Your creative side needs to throw those rules out the window from time to time. Sometimes we need to just create and forget the rules. Save the rules for when you are editing. When you write with the rules constantly in your head, you are limiting your creative spirit. Just write! Let your imagination take you where it will. I often see people classify themselves as plotters or pantsers. Why not be a little of both? Plot when you need it, and when you feel your creative well drying up pants a bit.

One thing that is working well for me in my current work-in-progress is to sit down and just write what comes to mind letting the story take me where it will for a bit. When I run out of steam on that, I go back and re-read what I have written. I highlight what is good. Perhaps I could find a trusted beta reader and ask them to highlight what intrigues them in what I have written. Then take those sections and use them to launch another freewriting session. Let them spark the story. Leave the other bits behind. Keep doing this process until your work has generated some momentum and follow that momentum. Ignore the rules. Save the rules for the editing process. This will allow your creative side to take the lead on creating. The rules can drive editing.

The No-Judgment Zone

One final thought is important in reawakening creativity: stop judging yourself. When you are creating, stop comparing your work to others. Stop asking if you are following the rules. Stop judging what you write. When you are in the initial creative process, it helps to just create. Save the judgment for the editorial process. Don’t share your work with others until you are ready for judgment. When you are still creating, stay in a no-judgment zone.

Nothing kills a creative process faster than the judgment demon on your shoulder. That demon hangs out and tells you that your writing will never be good enough, and sometimes, by extension, that you will never be good enough. Throw that judgment demon on the floor and stomp him with your steel-toed boots. When you are creating try not to re-read and judge your work. Save that for when you are in the editing process.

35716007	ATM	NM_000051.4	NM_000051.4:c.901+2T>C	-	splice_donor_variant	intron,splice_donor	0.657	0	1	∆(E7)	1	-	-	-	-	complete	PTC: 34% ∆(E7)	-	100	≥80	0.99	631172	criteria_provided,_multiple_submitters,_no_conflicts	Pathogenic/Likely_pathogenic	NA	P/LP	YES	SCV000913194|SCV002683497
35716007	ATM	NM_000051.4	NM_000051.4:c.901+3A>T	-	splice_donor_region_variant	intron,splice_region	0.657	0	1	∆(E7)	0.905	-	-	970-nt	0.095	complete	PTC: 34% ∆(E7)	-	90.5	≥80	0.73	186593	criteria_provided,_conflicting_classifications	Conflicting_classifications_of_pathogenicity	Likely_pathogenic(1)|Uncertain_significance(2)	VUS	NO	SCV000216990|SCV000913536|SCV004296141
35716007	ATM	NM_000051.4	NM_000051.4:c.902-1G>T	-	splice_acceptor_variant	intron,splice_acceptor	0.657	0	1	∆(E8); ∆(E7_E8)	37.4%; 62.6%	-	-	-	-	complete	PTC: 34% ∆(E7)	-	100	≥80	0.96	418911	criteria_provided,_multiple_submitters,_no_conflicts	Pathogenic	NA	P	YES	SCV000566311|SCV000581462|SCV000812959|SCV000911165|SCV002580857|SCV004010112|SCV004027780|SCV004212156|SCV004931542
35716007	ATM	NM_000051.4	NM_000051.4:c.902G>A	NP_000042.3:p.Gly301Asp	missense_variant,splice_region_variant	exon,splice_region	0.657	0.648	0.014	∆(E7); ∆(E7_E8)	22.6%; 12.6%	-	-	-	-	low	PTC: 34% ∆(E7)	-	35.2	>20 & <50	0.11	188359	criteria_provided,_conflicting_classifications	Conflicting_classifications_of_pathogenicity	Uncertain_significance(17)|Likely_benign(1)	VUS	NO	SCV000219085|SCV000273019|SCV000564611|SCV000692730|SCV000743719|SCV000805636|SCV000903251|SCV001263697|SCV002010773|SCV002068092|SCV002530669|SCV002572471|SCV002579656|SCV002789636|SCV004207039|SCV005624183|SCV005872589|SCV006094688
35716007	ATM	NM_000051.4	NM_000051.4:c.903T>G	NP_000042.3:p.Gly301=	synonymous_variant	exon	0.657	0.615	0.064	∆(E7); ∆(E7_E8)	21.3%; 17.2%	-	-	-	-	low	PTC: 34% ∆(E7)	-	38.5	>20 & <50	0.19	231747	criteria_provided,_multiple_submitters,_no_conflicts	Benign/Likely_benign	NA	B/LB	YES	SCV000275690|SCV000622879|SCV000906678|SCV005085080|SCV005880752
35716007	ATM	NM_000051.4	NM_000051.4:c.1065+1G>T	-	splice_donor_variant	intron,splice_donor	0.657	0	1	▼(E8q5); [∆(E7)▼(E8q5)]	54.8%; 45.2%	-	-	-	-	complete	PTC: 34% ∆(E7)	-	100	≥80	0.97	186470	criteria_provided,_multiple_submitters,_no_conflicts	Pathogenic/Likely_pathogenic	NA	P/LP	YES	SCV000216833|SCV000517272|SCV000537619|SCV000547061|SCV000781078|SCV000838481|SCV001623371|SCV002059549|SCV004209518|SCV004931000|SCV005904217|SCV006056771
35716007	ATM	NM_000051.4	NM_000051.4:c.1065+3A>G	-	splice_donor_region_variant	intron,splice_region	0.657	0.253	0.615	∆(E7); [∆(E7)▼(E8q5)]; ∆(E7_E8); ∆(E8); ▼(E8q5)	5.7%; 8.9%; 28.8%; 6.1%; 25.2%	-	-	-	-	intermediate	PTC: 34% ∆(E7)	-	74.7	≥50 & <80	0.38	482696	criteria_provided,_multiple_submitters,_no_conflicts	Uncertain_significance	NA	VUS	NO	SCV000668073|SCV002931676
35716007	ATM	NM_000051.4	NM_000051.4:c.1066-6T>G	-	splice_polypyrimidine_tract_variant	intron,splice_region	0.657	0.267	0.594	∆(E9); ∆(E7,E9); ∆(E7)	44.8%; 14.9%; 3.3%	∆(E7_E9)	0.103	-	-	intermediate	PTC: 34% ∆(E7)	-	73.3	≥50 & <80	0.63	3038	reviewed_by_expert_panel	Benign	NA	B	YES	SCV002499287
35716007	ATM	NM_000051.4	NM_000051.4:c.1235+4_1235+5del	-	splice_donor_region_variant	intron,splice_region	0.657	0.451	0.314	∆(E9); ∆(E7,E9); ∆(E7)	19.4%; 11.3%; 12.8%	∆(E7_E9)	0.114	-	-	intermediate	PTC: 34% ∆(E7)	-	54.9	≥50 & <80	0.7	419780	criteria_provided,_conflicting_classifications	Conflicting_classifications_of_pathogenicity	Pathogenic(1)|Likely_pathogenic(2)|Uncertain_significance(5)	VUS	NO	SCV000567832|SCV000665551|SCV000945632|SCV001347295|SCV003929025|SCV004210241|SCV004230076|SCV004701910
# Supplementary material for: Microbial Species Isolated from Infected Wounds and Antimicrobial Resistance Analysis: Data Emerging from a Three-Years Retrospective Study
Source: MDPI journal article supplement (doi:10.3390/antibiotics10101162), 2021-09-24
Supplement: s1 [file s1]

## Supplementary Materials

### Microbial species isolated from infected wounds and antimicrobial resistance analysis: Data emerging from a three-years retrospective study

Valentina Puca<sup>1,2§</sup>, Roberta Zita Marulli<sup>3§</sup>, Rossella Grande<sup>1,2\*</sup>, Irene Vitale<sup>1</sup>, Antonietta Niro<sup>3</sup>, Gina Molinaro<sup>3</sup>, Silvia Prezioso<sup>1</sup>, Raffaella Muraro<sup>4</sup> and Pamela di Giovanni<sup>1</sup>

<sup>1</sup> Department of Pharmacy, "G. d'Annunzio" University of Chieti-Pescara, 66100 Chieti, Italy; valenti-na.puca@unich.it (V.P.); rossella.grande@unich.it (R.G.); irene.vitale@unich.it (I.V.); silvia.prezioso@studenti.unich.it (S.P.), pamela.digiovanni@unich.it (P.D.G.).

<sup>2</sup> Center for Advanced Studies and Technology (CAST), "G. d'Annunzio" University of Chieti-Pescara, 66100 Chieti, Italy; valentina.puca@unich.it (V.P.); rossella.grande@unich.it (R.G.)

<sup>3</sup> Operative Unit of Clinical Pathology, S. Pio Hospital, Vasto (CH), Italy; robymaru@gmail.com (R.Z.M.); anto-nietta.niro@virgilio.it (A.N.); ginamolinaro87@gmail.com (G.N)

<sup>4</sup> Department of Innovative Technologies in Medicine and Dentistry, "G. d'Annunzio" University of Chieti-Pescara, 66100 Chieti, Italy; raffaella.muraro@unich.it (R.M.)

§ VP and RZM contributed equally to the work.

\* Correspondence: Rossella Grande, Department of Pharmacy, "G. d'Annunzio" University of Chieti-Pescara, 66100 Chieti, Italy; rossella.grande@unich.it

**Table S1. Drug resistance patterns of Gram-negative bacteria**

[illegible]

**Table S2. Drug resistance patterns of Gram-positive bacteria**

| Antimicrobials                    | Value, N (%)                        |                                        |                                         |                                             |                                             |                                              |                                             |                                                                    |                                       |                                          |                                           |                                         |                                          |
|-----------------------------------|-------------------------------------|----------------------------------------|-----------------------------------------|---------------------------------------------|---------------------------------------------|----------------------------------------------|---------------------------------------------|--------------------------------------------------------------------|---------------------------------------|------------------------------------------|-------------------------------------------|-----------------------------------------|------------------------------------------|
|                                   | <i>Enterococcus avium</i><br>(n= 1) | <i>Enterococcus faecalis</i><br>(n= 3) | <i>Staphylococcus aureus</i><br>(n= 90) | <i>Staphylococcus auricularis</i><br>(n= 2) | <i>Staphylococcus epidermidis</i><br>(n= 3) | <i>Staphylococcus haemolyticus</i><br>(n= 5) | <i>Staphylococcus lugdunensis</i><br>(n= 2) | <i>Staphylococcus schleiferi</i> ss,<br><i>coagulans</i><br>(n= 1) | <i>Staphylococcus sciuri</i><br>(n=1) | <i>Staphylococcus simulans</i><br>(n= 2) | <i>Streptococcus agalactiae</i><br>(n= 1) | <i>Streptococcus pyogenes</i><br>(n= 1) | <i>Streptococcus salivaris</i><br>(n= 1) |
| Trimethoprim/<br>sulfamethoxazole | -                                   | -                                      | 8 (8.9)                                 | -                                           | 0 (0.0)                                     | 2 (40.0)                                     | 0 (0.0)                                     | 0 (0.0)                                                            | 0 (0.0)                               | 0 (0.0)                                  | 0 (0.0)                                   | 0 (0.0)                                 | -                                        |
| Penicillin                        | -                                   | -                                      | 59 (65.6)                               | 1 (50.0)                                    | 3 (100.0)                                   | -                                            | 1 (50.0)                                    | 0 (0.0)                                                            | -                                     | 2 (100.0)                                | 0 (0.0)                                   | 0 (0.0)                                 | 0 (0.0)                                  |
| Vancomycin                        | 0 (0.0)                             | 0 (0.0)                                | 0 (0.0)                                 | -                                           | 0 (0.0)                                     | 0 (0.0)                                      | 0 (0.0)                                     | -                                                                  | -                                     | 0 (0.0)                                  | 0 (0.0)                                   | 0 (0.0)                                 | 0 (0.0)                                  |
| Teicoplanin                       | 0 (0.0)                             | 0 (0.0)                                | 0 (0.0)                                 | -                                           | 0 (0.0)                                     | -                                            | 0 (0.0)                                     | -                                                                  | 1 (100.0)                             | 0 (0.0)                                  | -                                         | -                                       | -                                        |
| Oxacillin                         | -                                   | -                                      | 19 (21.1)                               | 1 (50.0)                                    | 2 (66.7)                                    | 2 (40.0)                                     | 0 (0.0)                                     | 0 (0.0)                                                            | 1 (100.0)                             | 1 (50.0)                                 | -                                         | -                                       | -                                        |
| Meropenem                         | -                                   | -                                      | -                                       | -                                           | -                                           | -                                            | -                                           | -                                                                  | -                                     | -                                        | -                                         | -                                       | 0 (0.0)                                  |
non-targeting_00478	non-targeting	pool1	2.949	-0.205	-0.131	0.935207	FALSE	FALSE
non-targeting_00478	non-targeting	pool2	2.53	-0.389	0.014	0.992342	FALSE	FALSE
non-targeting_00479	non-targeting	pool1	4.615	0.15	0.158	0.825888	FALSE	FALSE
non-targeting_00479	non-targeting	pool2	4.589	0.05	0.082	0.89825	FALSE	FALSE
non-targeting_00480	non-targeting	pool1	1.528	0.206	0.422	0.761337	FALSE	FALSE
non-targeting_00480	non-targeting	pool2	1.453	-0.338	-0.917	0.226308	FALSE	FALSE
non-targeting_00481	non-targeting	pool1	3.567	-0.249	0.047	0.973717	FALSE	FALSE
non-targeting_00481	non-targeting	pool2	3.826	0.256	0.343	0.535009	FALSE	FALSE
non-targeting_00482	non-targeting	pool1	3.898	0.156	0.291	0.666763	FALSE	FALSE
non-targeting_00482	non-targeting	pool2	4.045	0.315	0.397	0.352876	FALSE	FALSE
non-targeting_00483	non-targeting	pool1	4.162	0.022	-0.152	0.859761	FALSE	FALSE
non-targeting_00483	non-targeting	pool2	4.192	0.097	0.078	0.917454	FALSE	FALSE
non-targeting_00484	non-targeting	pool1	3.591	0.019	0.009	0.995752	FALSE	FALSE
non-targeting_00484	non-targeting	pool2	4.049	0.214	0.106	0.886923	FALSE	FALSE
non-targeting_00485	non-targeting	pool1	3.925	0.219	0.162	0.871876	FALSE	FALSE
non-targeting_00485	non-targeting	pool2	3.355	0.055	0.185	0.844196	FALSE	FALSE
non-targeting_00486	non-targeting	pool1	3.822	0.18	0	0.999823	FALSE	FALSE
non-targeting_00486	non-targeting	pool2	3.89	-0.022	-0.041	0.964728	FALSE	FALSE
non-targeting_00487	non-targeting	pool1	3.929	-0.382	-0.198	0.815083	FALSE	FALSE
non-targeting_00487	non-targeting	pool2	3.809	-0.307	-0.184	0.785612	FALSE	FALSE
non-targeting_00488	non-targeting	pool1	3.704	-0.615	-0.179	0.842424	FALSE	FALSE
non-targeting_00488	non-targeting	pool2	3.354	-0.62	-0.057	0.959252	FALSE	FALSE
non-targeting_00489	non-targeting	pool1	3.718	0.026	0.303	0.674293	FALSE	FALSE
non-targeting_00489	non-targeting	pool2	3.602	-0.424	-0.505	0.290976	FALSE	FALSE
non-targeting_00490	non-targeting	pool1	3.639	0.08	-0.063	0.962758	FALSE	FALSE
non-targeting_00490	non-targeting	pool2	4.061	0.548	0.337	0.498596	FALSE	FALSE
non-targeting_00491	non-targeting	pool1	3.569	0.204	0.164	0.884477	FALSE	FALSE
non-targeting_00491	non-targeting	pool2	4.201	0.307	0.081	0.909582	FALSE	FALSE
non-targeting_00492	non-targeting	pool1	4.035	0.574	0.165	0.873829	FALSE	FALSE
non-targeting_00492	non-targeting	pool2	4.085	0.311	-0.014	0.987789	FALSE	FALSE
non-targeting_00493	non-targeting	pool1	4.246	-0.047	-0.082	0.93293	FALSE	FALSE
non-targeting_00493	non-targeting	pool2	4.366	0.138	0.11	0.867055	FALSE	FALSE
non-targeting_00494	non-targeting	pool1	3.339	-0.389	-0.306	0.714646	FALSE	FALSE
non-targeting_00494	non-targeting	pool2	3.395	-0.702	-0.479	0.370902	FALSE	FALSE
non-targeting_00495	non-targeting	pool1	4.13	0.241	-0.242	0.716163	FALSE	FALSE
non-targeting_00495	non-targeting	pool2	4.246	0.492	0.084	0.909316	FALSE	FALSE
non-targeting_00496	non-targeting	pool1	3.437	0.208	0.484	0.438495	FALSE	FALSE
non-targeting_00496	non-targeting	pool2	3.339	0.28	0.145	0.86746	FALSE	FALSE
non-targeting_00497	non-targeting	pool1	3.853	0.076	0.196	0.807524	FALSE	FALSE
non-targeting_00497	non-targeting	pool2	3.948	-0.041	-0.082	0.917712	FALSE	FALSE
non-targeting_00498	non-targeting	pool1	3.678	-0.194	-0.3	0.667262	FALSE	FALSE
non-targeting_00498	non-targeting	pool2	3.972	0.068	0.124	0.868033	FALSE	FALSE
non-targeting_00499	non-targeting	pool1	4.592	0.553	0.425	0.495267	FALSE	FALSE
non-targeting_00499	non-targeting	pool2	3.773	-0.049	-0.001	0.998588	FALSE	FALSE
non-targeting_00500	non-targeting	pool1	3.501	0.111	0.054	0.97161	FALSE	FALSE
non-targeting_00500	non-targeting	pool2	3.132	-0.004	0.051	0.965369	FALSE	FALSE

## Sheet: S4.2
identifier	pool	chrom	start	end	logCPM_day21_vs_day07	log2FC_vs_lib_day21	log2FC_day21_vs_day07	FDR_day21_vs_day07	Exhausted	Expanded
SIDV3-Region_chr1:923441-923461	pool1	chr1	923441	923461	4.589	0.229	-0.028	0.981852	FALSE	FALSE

Reawakening your creative spirit is a challenging process at times. I have learned that the results are worth the challenges. I have also learned that by challenging myself in some of the ways discussed here has been a very rewarding process. My quality of life is much better as a result of getting out of my comfort zone, challenging my fears, and behaving more like I did as a child. Now, I am off to find a tree to climb. I hope you find trees to climb, trees to read under, and adventures galore.

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Meghan Hollis

Written by

Meghan is a recovering academic and writer. She loves to travel and write about it, and she loves reading young adult fantasy and fiction and middle grade books

The Startup

Get smarter at building your thing. Follow to join The Startup’s +8 million monthly readers & +792K followers.

Meghan Hollis

Written by

Meghan is a recovering academic and writer. She loves to travel and write about it, and she loves reading young adult fantasy and fiction and middle grade books

The Startup

Get smarter at building your thing. Follow to join The Startup’s +8 million monthly readers & +792K followers.